And so it grows...

Watertown Garden Club

WGC Newsletters
February 2017


National Pollinator Week

Master Gardener Symposium

Celebrating Connecticut's Landscape

Saving our Trees

Native Plants

Sustainable Gardening

Bring Back Pollinators




  • Neonicotinoid Risk Assessment 1/12/17 ACTION NEEDED - SEE BELOW

  • EPA Releases Four Neonicotinoid Risk Assessments for Public Comment For Release: January 12, 2017 The U.S. Environmental Protection Agency has published preliminary pollinator-only risk assessments for the neonicotinoid insecticides clothianidin, thiamethoxam, and dinotefuran and also an update to its preliminary risk assessment for imidacloprid, which we published in January 2016. The updated imidacloprid assessment looks at potential risks to aquatic species, and identifies some risks for aquatic insects. The assessments for clothianidin, thiamethoxam, and dinotefuran, similar to the preliminary pollinator assessment for imidacloprid showed: most approved uses do not pose significant risks to bee colonies. However, spray applications to a few crops, such as cucumbers, berries, and cotton, may pose risks to bees that come in direct contact with residue. In its preliminary pollinator-only analysis for clothianidin and thiamethoxam, the EPA has proposed a new method for accounting for pesticide exposure that may occur through pollen and nectar. The 60-day public comment period will begin upon publication in the Federal Register, which will happen soon. The EPA invites public comment on all of these preliminary assessments, but we are especially interested in getting input from stakeholders on the new method for assessing potential exposure and risk through pollen and nectar. EPA may revise the pollinator assessment based on comments received as well as additional data that we anticipate receiving during 2017. We hope to release the final neonicotinoid risk assessments for public comment by mid-2018. Along with the risk assessments, the EPA is also issuing an updated registration review schedule for the four neonicotinoids to reflect the data being submitted in 2017.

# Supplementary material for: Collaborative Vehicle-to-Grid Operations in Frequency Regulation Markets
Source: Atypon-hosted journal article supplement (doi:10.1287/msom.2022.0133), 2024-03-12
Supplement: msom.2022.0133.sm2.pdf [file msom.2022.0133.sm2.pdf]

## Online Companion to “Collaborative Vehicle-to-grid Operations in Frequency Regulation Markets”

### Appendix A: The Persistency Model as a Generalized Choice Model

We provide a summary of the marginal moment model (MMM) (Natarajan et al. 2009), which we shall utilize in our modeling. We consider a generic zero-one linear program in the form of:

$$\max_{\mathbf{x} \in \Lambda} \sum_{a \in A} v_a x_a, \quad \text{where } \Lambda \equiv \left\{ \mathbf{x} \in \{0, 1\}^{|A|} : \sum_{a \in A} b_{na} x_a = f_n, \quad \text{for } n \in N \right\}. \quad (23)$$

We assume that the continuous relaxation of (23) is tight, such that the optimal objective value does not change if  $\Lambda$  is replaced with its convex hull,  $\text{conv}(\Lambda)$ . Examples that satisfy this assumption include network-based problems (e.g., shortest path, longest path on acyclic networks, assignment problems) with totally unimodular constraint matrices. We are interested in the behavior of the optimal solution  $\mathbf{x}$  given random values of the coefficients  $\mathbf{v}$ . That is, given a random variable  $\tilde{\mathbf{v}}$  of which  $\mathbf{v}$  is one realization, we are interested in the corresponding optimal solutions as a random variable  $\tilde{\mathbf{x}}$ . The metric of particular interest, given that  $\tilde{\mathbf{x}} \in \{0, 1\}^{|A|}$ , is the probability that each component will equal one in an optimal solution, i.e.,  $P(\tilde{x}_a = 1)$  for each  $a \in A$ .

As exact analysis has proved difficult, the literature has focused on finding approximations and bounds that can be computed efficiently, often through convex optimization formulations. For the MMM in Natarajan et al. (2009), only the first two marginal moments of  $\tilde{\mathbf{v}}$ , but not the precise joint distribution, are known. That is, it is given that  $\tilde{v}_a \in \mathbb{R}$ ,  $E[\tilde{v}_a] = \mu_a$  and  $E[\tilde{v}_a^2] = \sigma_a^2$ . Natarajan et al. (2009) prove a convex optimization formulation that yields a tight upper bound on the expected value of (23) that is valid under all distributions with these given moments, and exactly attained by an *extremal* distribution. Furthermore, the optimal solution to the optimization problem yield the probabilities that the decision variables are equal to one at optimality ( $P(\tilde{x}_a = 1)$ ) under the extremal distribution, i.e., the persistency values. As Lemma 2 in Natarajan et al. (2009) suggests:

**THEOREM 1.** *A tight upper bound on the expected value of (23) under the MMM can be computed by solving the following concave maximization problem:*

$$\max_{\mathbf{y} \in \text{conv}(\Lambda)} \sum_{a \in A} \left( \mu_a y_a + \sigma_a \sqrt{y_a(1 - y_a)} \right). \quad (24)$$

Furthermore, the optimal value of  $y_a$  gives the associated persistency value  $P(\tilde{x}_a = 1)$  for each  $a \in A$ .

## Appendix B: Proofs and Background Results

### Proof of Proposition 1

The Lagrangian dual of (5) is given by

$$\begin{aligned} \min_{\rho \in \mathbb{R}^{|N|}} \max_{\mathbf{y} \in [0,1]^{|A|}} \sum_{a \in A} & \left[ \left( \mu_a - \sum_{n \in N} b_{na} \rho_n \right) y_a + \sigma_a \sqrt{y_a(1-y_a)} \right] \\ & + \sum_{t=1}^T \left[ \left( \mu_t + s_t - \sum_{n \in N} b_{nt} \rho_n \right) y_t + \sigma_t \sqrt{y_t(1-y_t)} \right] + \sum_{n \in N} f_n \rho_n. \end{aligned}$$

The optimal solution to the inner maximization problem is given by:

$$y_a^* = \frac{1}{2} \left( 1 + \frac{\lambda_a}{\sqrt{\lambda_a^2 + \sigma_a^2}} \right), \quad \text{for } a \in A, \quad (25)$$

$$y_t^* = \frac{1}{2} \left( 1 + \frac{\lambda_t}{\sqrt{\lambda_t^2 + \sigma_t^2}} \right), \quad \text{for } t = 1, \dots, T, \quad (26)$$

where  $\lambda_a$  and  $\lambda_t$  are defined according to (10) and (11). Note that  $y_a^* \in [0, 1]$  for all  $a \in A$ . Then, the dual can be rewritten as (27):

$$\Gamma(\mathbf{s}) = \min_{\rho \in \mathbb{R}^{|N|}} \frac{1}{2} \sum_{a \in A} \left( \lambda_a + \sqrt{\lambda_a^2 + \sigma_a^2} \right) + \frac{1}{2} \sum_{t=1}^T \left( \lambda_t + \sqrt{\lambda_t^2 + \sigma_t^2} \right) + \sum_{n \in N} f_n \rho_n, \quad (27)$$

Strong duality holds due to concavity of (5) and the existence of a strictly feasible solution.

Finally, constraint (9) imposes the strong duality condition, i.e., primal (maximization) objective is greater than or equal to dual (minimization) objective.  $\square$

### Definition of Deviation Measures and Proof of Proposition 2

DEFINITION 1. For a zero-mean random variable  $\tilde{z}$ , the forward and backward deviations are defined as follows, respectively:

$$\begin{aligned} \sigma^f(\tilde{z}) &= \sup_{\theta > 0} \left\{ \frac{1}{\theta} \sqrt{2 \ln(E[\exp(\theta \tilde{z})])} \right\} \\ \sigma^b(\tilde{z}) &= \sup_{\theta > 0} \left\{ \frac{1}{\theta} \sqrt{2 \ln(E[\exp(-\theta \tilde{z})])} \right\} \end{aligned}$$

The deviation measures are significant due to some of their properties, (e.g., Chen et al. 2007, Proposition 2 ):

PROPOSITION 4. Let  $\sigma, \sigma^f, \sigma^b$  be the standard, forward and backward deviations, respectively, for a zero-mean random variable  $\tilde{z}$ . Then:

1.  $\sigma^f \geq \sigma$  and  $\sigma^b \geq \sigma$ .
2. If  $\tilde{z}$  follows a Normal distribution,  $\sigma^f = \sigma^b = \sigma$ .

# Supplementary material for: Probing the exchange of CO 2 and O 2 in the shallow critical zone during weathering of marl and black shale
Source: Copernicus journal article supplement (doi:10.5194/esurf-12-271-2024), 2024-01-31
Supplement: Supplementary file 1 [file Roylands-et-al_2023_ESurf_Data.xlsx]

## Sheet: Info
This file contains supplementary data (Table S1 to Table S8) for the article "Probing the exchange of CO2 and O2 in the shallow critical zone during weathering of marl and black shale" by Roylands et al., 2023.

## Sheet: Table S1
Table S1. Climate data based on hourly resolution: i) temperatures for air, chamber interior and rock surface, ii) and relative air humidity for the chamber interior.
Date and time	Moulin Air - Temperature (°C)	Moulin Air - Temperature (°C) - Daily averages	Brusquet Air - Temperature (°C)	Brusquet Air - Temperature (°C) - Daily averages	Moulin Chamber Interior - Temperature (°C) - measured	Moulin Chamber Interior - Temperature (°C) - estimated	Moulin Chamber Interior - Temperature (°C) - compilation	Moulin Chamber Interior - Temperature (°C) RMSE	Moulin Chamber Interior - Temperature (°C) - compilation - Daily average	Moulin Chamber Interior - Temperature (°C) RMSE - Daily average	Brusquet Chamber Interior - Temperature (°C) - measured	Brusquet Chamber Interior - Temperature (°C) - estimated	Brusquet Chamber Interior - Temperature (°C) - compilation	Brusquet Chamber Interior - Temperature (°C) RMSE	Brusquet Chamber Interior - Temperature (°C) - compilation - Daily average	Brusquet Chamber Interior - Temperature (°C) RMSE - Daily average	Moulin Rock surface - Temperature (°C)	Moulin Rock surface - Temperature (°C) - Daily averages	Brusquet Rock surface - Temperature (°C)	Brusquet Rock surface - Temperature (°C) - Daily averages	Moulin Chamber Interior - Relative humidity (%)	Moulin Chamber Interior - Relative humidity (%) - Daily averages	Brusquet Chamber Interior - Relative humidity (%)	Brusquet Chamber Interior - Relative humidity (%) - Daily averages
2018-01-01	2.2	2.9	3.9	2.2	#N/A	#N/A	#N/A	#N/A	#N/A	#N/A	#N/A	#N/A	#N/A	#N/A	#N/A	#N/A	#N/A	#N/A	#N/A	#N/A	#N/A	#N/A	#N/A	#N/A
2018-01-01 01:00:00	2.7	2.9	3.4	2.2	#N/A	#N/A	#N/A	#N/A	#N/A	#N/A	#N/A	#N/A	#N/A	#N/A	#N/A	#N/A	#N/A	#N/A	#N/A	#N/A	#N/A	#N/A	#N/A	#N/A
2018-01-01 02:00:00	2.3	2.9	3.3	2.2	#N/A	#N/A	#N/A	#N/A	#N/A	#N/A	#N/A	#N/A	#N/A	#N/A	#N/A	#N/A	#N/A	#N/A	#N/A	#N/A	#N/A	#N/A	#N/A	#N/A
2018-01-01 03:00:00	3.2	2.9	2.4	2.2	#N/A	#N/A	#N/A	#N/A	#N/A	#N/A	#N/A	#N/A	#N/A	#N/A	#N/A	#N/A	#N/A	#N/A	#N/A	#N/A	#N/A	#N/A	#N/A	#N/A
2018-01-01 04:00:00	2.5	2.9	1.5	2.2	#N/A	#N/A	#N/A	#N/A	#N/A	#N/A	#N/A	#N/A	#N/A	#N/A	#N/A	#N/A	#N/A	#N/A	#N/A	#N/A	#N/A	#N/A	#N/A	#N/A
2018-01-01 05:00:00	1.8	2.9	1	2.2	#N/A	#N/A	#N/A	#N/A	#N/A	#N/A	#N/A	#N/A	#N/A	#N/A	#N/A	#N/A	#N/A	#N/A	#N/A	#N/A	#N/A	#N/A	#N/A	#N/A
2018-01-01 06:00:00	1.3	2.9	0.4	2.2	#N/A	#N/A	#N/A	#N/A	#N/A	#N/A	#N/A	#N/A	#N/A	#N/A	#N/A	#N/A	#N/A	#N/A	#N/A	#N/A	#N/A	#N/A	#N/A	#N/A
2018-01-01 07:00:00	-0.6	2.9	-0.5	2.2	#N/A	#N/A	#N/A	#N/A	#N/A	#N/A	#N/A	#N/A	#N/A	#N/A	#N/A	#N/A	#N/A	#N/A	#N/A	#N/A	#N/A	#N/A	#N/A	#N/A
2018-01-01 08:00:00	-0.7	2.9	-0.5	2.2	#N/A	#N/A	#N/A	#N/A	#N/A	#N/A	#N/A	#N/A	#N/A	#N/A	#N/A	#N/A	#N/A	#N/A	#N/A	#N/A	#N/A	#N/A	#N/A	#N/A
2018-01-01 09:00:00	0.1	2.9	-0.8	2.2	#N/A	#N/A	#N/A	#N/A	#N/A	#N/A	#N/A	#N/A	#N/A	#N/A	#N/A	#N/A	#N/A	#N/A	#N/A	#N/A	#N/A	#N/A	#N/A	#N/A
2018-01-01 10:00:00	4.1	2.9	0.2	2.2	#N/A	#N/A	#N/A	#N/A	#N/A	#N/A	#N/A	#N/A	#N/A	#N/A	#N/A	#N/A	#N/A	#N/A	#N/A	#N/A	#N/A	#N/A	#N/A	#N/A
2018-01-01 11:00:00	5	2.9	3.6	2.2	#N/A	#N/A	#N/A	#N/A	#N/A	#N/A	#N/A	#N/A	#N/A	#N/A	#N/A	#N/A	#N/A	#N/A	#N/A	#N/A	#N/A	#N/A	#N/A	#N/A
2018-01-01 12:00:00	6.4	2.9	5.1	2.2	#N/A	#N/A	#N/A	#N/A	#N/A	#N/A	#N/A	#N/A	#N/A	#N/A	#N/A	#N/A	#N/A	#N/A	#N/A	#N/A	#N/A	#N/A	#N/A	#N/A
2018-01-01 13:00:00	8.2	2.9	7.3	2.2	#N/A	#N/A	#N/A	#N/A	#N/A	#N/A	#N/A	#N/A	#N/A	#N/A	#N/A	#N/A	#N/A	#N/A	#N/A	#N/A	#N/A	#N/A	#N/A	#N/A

EPA encourages stakeholders and interested members of the public to visit the dockets for the neonicotinoid pesticides and sign up for email alerts to be automatically notified when the Agency publishes the next documents for review and comment. View the neonicotinoid registration review schedule for links to the individual dockets. Contact Us to ask a question, provide feedback, or report a problem.